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Wednesday, Feb. 7, 2007 06:59 am

Outward bound

Exodus of Illinoisans may be slowing, study shows

Untitled Document What do Illinois, Florida, and California have in common? More folks left those states last year than moved into them, says St. Louis-based United Van Lines after tracking 227,254 household shipments in 2006. United’s 30th annual Migration Study illustrates the kind of mobility pattern the country’s been shifting toward for years — an exodus from the Northeast and upper Midwest to the sunnier, warmer climates of the Southeast and Southwest — but the 2006 study revealed a few surprising exceptions. For the first time since the company began its tracking, in 1977, Florida waved goodbye to more people than it greeted, following in the footsteps of California, where outbound shipments have outpaced inbound ones since 2002. New residents flocked instead to North Carolina, South Carolina, Alabama, Georgia, Tennessee, Texas, Arizona, Nevada, and New Mexico. The rugged West also held clear appeal, with Oregon, Colorado, Utah, Idaho, and Montana each staking a claim on mobile households. Michigan and North Dakota topped the list of hemorrhaging states, followed by Indiana, New York, New Jersey, Ohio, and Pennsylvania. The bleak picture is brightened by the fact that both Wisconsin and Illinois seem to have stemmed the outflow just a bit. Wisconsin experienced its lowest outbound rate since 2000, United says, and Illinois logged 55.7 percent outbound residents compared to 44.3 percent inbound — its best numbers since 1990.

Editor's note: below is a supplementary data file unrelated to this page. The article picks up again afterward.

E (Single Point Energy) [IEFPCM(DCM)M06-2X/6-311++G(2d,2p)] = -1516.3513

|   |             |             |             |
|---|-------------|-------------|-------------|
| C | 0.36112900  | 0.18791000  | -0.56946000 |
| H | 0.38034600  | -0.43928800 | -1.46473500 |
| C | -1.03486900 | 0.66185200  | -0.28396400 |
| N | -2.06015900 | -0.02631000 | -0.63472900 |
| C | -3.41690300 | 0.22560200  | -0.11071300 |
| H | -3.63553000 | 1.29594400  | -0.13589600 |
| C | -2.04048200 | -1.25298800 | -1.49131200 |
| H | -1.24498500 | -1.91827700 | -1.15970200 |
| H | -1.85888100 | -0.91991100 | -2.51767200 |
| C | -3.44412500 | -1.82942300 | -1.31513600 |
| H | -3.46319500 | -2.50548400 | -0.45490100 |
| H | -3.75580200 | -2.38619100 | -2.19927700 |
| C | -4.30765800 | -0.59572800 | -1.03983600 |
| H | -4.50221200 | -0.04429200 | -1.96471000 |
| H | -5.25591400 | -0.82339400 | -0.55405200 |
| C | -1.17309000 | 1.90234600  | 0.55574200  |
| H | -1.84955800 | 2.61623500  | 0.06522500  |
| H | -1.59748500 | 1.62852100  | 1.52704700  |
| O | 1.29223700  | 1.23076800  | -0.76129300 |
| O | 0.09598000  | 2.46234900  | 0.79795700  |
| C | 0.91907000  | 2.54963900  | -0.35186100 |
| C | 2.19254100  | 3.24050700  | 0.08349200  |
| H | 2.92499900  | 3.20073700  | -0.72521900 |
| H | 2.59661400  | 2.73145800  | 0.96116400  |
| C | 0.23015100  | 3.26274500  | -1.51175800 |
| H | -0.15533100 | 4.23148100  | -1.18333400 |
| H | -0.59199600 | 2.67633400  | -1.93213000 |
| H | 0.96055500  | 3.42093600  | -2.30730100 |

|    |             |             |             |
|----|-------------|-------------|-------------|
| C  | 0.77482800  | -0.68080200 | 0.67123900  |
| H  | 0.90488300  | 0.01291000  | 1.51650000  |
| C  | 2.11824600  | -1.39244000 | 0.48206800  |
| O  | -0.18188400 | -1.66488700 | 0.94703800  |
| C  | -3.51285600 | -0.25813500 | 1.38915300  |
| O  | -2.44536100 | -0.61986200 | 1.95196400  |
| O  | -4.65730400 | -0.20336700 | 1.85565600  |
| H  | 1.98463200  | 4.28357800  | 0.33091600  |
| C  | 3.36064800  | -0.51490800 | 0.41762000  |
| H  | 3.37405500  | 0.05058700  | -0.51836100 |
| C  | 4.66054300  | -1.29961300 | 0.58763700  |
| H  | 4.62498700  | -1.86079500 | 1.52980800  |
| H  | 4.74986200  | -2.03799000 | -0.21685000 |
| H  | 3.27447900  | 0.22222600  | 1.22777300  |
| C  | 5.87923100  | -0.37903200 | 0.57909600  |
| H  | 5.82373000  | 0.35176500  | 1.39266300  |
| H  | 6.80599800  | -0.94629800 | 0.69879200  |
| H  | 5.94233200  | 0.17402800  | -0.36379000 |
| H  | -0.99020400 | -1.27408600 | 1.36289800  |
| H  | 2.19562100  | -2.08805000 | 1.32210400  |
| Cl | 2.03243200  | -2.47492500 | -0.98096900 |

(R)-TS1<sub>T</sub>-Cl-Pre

Some of the credit for the slowdown of departing families could go to the record-low unemployment rate of 4.1 percent and recent efforts by the state’s Department of Commerce and Economic Opportunity to attract and keep big employers, such as United Airlines, so residents don’t leave in search of jobs, says DCEO spokesman Mark Harris. Last year, the state’s monthly job growth led the country in April and July, “which has never happened twice before in one year in recorded history,” Harris says. “Since January, 2004, Illinois has gained nearly 158,000 new jobs, which leads the Midwest, so from an economic-development standpoint the Illinois economy is in a good place.”
The state is strategically located for shipping by way of rail, road, water, and air — a top selling point for Triumph Foods, which will add 1,000 jobs at a new processing plant in East Moline, Harris says. Schneider National, one of the world’s largest transportation and logistics companies, will create 400 new jobs over the next two years at a new operating center in the Gateway Commerce Center, in Edwardsville. Plus the state has nine offices around the world in such places as Brussels, South Africa, Hong Kong, Tokyo, and the Middle East to recruit and attract business. In late 2004, such efforts persuaded Astellas Pharma Inc. — a company created from the merger of two leading Japanese pharmaceuticals — to establish its North American headquarters in the Chicago suburb of Deerfield, Harris says. So when Illinoisans do pack their bags, where do they go?
The United study says most Illinois residents chose a wide range of destinations: California, Texas, Florida, Arizona, Georgia, Virginia, North Carolina, and Washington. At the same time, Illinois gained the most newcomers from California, Florida, Texas, Arizona, and New York.
Joan Villa is a freelance writer based in White Heath.
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